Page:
There are eight people given the opportunity to speak their sleep paralysis truth in The Nightmare, Rodney Ascher's new documentary on the subject (although I should put "documentary" in quotes, seeing as how it's really toeing the line on that front), and there's only one of them that comes off as someone I want to listen to - the Brooklynite woman interested expressing the science and psychology of what's happening to them. And she seems to be the person the film's least curious about - instead Ascher, for his purposes (which are scaring us, full stop), is more interested in fruity real-world notions of afterlives and demons and big green men and man alive I'm not the audience for that bunk.
Listen, I'm perfectly capable of suspending my disbelief about such matters when it comes to fiction. But play masquerade ghosts and goblins as non-fiction, even if your ultimate goal is good old-fashioned genre jumps, and all you're going to get out of me is an increasingly violent series of rolling eyeballs and groans. Especially since the scares themselves here are so damned silly - green-screened tarantulas tossed at our faces is not a good look.
I've actually experienced sleep paralysis on several occasions and it's a bad dream, period. It's your eyes opening while you're still asleep; it's your spazzed-out brain spazzing out for whatever reason brains decide to spazz out for. It's terrifying, sure! And I'm glad as gravy it's only been a few times in my life - I'd probably go a bit nuts if it was happening to me every single night too. But The Nightmare plops down a bunch of gobbledegook straight-faced and tells us its sharing the stars and the moon, while it's not even worth some snickers, bars or otherwise.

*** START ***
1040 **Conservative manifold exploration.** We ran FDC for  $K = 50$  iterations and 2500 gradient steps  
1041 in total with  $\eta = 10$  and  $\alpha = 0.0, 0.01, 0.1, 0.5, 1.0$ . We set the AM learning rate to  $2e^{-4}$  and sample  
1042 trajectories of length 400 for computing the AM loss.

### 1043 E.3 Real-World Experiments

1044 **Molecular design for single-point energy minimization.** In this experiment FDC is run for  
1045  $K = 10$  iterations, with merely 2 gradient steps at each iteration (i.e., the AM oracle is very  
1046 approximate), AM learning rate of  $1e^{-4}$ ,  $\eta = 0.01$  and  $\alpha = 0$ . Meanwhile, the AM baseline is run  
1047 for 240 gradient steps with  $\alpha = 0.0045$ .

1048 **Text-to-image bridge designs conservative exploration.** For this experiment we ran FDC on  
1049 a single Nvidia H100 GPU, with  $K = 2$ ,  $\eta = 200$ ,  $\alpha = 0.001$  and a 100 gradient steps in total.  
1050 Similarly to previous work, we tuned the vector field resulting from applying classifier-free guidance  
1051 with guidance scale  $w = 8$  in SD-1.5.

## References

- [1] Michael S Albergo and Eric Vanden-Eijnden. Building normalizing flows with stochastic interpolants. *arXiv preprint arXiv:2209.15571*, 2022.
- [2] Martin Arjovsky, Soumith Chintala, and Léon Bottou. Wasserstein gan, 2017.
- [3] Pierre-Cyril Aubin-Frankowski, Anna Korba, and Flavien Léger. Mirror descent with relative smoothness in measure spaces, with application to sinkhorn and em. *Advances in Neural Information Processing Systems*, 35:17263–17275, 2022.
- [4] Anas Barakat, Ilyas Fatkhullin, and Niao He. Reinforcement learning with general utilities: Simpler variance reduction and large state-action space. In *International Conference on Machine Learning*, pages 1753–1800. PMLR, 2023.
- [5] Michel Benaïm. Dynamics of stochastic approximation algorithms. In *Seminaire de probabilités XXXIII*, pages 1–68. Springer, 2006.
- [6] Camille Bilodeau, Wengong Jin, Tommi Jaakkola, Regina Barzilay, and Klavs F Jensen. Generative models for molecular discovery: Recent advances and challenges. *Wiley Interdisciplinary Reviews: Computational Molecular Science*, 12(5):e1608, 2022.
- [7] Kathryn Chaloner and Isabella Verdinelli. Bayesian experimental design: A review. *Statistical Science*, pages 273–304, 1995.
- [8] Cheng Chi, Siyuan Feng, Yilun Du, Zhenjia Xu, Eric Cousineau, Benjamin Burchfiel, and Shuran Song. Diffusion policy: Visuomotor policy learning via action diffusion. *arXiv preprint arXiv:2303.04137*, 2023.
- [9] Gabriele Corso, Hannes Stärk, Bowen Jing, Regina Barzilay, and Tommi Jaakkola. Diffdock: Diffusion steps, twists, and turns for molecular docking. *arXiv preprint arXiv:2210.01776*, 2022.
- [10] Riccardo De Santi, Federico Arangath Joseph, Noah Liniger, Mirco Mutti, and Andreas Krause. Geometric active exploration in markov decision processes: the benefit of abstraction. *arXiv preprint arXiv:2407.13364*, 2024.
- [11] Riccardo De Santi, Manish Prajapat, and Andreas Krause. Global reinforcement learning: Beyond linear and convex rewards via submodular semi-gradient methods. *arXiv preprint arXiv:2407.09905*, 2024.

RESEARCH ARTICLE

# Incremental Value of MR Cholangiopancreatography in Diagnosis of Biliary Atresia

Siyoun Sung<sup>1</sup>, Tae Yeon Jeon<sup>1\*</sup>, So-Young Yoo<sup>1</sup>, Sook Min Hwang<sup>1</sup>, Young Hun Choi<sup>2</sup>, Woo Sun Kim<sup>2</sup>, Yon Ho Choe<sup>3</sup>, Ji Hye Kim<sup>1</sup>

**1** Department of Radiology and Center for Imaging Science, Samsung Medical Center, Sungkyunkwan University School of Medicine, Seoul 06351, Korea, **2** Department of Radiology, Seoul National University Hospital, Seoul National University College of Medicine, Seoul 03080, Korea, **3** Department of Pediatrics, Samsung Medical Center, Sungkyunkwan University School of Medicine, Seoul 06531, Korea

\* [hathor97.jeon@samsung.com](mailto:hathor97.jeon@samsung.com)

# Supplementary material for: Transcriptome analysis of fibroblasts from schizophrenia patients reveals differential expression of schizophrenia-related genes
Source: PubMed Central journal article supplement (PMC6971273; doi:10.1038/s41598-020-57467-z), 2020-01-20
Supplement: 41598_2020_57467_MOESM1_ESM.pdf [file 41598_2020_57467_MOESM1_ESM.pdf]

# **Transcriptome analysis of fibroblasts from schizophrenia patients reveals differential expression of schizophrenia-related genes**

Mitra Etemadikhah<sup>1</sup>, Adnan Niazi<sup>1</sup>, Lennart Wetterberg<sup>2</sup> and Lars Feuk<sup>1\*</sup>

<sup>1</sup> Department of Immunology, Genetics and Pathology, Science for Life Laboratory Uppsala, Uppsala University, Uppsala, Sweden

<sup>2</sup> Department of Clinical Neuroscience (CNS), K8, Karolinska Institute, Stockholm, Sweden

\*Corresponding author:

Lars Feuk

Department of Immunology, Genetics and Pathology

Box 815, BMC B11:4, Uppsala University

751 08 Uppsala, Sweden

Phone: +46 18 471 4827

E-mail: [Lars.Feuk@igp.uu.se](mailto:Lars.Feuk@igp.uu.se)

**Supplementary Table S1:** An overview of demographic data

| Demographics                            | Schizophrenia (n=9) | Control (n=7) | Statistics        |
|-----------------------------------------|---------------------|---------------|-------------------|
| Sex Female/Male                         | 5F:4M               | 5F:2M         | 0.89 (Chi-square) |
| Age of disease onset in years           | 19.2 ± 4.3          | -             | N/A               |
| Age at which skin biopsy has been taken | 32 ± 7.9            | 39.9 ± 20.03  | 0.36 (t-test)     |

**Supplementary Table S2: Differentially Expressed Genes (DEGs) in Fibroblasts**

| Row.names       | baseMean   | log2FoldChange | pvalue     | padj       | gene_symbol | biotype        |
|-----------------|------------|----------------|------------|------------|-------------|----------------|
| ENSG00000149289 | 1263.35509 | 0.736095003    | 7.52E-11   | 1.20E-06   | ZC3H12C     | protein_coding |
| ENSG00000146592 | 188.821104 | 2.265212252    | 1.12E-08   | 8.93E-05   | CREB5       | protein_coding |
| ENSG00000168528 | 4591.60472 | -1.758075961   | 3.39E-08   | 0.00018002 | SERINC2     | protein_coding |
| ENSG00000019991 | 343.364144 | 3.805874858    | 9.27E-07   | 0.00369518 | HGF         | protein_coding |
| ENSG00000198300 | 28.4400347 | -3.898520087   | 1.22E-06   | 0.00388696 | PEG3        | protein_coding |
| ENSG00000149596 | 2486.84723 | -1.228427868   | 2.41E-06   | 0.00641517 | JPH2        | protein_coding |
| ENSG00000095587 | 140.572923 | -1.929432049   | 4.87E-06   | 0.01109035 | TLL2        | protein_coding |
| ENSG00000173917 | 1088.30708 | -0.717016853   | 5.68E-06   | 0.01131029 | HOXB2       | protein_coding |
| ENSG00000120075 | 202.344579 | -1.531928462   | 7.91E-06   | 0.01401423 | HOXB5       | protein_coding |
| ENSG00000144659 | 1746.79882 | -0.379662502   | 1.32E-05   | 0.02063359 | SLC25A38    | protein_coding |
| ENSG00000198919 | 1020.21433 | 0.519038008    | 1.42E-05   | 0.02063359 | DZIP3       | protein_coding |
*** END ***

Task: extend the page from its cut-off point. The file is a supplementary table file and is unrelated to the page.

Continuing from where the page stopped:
oh man... was really looking forward to this when I first heard about it here. Still... I'll go see it with the idea that I'm watching a mockumentary. The trailer terrified me
Anon you'll have to tell me if watching it from a looking-for-humor perspective works - looking for scares does not, and i'm pretty certain the film was shot looking to scare us. Still perhaps the movie can be taken away from its own intentions and turned into comedy; it's happened to plenty before.
Like you i wanted more science too. but that spider scared me so bad i wrenched my hands back so fast i hurt one of my arthritic wrists. lmao what a queen.
Haha feel better! My boyfriend jumps at every single jump-scare ever and this movie made him jump too, but he hated it for it (and everything else)
and another thing that guy they focused on the most the cute one. i found him to be annoying and his tales not that believable. the fact that he would not look directly at the camera put me off every tale he told. he was always averting his gaze. i can't stand talking to folks like that i need eye contact. lol
thanks nothing a little Lakota can't fix. heheh
"I've actually experienced sleep paralysis on several occasions and it's a bad dream, period. It's your eyes opening while you're still asleep; it's your spazzed-out brain spazzing out for whatever reason brains decide to spazz out for. "
Amen. As someone who has occasionally suffered from sleep paralysis - and the accompanying hallucinations - I was interested in the documentary. Then I read that it was propounding supernatural nonsense - the very thing that sleep paralysis clearly explains.
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